Would sending an interstellar probe be the only way to completely map another star system or would it be eventually possible to map it from Earth, beyond any reasonable doubt?
If a probe is necessary, let's assume we have found a way to accelerate such a probe with all necessary instrumentation (which?) towards another star system at a fraction of c, and communicate back.
Some basic assumptions:
- at a minimum we are interested in knowing basic data about these planets, such as their mass, gravity, atmospheric pressure and composition (if any), surface temperature, maybe a picture of the planet, etc.
- ideally we would like to completely map the whole star system.
- we are not concerned with how long it would take.
- The probe starts braking halfway and enters the orbit of the main star in this star system. In this scenario the probe could remain as long as necessary in this star system.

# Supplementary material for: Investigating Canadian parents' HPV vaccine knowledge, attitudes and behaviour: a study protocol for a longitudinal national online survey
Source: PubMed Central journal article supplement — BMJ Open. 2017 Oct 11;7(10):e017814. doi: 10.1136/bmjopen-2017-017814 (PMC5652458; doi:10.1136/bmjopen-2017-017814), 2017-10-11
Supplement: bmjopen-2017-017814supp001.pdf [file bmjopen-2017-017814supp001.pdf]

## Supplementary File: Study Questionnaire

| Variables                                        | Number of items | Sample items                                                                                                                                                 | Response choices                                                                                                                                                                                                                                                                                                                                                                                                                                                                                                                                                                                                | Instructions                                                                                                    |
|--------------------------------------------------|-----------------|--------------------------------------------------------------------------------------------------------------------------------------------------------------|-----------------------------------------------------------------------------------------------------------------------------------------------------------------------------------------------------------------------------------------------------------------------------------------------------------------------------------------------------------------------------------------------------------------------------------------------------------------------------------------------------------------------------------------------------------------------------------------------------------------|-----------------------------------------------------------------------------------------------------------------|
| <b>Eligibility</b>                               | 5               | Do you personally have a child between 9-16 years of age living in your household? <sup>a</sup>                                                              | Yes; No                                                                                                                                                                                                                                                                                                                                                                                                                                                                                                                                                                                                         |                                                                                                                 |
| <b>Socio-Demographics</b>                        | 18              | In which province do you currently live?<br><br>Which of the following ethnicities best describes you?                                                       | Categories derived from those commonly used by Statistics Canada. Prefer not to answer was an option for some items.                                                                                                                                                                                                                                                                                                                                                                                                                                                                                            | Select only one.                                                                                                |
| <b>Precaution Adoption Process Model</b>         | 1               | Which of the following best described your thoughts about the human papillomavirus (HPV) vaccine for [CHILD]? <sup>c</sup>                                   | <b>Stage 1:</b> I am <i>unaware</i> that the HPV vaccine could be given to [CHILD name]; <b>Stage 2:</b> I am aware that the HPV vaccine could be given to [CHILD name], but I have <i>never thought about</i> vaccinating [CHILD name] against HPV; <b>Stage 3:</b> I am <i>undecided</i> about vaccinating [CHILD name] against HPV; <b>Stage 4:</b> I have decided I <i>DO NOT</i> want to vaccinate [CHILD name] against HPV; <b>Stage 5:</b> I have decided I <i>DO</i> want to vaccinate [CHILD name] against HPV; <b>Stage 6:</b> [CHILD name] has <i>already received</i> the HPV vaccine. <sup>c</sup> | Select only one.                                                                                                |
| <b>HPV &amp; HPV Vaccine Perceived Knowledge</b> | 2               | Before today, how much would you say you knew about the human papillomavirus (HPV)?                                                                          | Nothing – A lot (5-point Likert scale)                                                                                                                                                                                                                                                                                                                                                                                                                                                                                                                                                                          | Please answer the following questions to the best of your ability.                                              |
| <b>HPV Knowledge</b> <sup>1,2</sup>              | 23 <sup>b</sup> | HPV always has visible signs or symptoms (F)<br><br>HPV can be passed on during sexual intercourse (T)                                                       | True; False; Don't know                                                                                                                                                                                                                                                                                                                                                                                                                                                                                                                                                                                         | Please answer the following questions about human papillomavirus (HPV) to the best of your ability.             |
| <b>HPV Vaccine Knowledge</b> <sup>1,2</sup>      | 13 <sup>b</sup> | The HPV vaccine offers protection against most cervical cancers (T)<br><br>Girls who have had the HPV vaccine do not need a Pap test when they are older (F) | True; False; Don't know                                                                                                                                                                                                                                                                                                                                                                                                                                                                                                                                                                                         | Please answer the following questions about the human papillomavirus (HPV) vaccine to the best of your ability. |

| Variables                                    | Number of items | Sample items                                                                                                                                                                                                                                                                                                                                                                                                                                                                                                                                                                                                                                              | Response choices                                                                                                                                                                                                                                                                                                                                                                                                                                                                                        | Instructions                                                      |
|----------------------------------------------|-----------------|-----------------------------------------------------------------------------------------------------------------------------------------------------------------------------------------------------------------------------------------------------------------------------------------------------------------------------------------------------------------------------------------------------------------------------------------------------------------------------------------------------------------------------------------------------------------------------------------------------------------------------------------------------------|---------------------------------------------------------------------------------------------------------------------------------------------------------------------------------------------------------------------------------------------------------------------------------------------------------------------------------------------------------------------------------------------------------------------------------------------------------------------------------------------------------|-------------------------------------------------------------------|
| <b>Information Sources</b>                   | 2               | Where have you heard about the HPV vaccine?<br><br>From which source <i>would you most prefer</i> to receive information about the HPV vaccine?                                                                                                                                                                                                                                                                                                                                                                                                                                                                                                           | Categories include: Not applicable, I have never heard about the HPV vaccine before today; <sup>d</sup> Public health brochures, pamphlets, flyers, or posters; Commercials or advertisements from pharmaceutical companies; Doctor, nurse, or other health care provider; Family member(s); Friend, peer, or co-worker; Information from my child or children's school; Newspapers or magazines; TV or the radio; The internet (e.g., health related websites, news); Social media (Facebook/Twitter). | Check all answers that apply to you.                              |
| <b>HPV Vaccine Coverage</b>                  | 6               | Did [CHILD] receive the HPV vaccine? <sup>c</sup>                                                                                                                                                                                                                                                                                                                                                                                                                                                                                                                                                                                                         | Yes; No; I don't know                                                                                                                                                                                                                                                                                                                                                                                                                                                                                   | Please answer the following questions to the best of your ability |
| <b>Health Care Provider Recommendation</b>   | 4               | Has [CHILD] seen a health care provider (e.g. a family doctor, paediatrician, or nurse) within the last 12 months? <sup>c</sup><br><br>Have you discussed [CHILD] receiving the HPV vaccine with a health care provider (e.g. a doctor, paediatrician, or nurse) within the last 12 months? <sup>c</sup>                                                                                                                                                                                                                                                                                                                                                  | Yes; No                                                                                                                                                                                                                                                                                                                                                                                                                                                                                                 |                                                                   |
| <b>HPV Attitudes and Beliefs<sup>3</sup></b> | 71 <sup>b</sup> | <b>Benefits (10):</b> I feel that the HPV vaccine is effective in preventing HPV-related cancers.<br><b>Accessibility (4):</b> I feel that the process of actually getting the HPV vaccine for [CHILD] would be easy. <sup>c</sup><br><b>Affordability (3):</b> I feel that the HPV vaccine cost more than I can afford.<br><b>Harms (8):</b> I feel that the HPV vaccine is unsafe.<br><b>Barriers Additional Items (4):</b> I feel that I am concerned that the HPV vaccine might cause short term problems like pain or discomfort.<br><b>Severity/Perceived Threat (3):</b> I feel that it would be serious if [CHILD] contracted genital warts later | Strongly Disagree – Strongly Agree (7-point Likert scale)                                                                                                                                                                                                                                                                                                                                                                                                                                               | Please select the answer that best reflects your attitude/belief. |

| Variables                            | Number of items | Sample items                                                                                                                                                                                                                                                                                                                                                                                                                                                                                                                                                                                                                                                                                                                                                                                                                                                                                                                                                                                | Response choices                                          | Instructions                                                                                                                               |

- The probe does not brake and intersects the star system. Let's say we accelerate it to 0.1 c and that would be the speed at which it flies through it.
In the first scenario, would the probe be able to gather all its data from its orbit around the sun or would it need to first identify the planets and then enter the orbit of each to gather other data that would require the probe to get closer? Ignore for the sake of the argument the deltaV-related complications and the costs of accelerating the amount of fuel necessary to visit each planet.
In the second scenario, if all data can be gathered at a distance, would it be able to map all of the star system or would it risk missing some planets, say the smaller ones? And what would be the minimum distance necessary to gather the required data?
Would we generally aim at the sun / main star, or if any planets are known, would it be possible or useful to already plan an interstellar orbital insertion from Earth. I am guessing such a manoeuvre would need to be corrected while in transit?
In general, how sure would we be that the probe has found all planets there are?